When the New Community Bible first released in 2008, it sold 15,000 hardcover copies in a few short weeks.Yet the resulting hue and cry over certain aspects of the Bible, the first to be produced by Indians, for Indians in simple English, has resulted in a few revisions before the second edition went to print this November.

Why the controversy? Open a copy of the Bible, produced by the Society of St. Paul in Mumbai, and you'll see no changes to the text. But the accompanying illustrations might look a bit different: the Holy Family, for example, is depicted as poor Indian villagers, with Mary wearing a sari and a bindi, and Joseph wearing a turban and loincloth.

Some Protestant Christian groups have argued that the artwork and the references throughout (such as to Mahatma Gandhi and the Bhagavad Gita, a sacred Hindu text) do not faithfully represent Scripture, while some Hindu groups have complained that the Bible will lead to illegal conversions in a country whose Christian population is only 2.5 percent.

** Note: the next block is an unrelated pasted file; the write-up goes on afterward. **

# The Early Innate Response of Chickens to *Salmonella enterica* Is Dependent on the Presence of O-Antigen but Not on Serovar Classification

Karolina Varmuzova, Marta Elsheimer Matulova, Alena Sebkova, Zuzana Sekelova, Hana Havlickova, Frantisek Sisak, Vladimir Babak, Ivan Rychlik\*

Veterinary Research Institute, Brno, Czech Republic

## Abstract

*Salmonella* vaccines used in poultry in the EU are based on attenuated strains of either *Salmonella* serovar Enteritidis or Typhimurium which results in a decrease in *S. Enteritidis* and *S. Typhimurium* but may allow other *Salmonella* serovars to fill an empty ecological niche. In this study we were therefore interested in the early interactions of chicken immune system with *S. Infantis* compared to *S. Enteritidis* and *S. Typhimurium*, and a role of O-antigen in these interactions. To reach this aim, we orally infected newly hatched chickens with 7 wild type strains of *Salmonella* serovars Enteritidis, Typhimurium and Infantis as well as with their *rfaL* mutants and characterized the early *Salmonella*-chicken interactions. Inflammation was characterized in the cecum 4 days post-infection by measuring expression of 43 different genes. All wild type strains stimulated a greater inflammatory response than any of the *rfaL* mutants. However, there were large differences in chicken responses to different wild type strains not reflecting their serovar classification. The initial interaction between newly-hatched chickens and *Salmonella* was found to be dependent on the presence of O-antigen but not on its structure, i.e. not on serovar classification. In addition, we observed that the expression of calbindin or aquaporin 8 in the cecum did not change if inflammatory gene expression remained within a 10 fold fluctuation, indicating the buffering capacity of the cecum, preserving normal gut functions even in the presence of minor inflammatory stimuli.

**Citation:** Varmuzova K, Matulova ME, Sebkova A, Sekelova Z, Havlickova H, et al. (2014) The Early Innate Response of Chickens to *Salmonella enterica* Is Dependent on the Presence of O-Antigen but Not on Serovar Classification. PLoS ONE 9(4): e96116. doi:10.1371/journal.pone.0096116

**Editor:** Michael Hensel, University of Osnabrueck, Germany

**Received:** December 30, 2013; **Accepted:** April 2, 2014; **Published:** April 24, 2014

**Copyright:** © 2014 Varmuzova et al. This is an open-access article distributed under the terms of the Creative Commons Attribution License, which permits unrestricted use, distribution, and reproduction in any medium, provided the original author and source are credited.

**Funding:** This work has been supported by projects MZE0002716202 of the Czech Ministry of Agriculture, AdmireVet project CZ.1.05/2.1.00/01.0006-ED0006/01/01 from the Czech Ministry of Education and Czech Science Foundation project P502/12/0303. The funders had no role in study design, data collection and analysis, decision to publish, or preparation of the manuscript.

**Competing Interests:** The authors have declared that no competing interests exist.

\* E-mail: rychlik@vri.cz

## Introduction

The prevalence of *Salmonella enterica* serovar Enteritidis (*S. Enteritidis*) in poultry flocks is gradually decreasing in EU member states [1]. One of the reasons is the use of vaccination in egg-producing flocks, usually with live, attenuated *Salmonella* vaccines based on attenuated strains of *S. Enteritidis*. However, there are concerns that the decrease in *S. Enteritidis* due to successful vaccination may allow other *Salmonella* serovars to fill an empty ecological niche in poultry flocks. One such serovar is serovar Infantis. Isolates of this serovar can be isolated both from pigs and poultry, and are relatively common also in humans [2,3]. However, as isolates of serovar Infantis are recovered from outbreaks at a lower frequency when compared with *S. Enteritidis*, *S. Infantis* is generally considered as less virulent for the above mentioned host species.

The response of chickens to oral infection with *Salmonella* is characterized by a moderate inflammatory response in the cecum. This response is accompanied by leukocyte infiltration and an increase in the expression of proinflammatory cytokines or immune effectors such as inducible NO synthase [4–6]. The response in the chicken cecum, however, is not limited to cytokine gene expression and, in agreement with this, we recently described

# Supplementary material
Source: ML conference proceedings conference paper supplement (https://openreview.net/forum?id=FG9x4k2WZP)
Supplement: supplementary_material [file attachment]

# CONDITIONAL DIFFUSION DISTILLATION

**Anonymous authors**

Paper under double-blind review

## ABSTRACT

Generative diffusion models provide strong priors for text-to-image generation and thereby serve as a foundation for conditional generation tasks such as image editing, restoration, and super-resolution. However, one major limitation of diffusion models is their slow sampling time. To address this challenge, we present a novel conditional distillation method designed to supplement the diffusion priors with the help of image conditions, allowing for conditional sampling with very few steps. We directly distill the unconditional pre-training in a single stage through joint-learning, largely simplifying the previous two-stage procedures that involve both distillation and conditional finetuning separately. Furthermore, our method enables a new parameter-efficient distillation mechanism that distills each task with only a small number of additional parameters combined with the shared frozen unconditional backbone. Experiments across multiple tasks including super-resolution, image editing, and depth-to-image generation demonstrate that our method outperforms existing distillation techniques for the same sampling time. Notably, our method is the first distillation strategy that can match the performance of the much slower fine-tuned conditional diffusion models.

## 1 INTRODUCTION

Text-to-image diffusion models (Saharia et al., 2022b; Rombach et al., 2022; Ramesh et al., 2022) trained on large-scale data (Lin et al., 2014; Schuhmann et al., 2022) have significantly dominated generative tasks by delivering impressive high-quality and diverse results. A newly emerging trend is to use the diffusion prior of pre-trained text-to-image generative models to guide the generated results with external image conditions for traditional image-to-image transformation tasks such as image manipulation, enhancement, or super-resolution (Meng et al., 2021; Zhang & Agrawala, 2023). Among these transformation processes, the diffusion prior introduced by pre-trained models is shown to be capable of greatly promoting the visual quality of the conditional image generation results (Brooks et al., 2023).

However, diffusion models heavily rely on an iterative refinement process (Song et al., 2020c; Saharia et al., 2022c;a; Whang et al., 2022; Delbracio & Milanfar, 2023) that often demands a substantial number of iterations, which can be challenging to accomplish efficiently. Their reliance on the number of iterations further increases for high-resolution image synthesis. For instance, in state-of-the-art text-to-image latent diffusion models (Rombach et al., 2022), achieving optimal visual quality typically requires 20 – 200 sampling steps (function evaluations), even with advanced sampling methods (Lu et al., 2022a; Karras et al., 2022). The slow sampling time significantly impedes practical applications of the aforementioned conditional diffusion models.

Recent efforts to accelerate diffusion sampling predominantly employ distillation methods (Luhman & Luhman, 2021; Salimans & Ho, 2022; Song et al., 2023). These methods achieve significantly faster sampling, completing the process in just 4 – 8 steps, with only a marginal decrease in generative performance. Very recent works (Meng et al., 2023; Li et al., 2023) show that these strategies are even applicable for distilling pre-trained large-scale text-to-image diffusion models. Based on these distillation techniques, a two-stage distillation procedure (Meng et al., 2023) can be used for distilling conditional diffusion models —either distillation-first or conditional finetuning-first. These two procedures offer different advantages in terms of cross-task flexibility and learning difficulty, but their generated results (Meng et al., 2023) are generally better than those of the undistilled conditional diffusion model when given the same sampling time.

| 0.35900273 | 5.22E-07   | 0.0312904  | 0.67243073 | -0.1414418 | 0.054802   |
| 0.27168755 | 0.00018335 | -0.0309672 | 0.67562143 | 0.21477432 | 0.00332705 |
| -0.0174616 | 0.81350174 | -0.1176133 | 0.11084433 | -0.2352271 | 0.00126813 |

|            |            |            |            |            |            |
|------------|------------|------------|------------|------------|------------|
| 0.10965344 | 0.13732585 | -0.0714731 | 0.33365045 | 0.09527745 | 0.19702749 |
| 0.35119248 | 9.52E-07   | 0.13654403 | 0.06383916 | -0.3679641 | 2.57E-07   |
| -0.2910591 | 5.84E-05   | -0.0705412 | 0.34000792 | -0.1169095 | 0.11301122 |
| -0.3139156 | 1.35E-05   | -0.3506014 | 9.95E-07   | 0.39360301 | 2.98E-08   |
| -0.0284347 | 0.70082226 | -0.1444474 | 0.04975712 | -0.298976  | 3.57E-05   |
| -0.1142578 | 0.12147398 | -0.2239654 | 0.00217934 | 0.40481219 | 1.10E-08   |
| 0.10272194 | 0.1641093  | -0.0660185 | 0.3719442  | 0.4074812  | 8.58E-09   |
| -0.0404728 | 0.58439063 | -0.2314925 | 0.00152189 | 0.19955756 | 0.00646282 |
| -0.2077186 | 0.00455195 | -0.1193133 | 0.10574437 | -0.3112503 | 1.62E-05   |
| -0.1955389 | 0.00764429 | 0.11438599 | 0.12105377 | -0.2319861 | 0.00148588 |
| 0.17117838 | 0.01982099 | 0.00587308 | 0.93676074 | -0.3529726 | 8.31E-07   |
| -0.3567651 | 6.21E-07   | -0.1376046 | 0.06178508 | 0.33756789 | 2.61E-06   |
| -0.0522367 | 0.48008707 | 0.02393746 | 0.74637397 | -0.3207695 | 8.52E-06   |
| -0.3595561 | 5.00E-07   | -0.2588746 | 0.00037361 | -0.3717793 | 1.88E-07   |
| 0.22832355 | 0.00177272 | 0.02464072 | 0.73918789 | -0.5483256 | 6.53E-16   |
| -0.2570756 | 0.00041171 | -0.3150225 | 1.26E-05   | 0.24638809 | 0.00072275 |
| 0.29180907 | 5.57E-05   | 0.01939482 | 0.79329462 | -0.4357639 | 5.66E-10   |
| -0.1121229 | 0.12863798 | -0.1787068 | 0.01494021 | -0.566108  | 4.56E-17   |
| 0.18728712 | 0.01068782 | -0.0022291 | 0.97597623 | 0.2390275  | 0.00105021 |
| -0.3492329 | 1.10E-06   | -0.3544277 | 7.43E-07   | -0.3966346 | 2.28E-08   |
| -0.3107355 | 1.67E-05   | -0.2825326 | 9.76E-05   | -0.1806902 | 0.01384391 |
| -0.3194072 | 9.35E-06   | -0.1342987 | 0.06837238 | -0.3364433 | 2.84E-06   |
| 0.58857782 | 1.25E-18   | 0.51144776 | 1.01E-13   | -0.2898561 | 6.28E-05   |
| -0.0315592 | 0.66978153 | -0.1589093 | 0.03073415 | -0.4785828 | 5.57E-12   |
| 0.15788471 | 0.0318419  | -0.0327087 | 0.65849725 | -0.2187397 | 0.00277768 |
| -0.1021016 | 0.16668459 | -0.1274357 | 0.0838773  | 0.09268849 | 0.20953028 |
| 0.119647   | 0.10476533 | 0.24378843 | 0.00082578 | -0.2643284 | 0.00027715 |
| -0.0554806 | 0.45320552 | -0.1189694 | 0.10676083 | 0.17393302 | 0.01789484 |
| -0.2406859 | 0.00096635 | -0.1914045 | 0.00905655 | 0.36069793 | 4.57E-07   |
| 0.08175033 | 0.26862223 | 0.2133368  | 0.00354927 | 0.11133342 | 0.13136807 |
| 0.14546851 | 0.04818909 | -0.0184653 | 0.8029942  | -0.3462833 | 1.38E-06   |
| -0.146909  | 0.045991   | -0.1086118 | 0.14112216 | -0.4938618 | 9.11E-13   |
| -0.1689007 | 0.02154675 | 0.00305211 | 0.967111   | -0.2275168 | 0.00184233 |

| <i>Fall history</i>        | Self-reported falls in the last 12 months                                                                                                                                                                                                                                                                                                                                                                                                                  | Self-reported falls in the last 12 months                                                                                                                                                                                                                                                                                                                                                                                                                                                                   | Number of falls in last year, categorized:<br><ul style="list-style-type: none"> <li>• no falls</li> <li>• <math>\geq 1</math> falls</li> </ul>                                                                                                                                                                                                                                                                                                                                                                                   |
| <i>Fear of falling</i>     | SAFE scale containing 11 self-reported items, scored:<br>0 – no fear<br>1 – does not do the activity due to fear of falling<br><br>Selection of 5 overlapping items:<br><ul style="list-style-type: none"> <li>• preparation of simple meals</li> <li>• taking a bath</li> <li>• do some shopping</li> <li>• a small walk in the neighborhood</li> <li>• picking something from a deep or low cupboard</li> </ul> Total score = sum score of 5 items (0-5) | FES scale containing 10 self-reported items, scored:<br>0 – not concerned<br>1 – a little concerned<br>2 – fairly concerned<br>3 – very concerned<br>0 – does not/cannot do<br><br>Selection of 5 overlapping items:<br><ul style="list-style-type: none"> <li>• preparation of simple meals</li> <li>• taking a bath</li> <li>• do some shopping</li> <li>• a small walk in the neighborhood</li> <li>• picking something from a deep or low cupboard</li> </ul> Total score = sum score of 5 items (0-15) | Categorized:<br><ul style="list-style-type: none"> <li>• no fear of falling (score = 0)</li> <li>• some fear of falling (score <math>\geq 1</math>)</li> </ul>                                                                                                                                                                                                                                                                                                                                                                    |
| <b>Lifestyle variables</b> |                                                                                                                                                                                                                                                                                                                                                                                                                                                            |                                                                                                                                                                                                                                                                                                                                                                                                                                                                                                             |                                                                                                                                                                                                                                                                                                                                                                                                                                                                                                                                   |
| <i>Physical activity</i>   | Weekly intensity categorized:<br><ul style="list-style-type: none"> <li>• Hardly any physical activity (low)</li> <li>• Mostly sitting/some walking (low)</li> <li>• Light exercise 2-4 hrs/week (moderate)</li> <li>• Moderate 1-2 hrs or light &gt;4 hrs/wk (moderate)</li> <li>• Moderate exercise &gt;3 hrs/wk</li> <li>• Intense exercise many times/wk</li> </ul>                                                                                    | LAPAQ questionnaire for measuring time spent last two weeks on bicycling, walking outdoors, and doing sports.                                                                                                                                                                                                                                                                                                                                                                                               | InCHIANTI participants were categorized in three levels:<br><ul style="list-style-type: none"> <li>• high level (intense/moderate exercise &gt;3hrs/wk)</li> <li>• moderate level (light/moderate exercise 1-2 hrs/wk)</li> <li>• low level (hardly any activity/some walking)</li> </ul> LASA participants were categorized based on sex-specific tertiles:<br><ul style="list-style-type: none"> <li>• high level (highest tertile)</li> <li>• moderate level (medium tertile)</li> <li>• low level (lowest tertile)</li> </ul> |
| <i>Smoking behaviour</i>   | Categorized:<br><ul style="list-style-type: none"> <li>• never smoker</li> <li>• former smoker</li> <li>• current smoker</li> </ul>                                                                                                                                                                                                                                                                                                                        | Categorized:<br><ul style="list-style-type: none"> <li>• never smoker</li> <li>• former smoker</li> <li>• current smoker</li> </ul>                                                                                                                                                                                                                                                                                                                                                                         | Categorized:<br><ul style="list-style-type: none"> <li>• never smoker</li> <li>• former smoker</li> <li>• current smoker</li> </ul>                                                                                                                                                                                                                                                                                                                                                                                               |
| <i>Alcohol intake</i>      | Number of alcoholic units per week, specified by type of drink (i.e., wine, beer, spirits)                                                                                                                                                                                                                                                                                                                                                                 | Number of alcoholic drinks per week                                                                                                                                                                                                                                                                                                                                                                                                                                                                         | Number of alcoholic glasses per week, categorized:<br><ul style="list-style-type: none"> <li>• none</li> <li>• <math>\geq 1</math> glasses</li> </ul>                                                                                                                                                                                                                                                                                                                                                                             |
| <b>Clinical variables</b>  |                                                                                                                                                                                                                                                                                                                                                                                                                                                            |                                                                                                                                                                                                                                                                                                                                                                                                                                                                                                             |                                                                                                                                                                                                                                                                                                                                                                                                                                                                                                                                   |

I'm not going to argue that depicting Mary in a sari is historically accurate—obviously it's not. But I would enjoy a browse through the religious images in the books and homes of the Christians who are criticizing this Bible.

In my own home, my daughter's favorite Bible is the Precious Moments Storytime Bible, which depicts a doe-eyed, Caucasian Jesus surrounded by equally doe-eyed followers. My own feelings on Precious Moments artwork aside, the artist's vision of Jesus isn't any more accurate than one envisioning Mary wearing a bindi on her forehead.

Remaking Jesus to look like us isn't a new phenomenon. Any number of famous Madonna-and-child paintings depict the Holy Family looking about as historically accurate as ...

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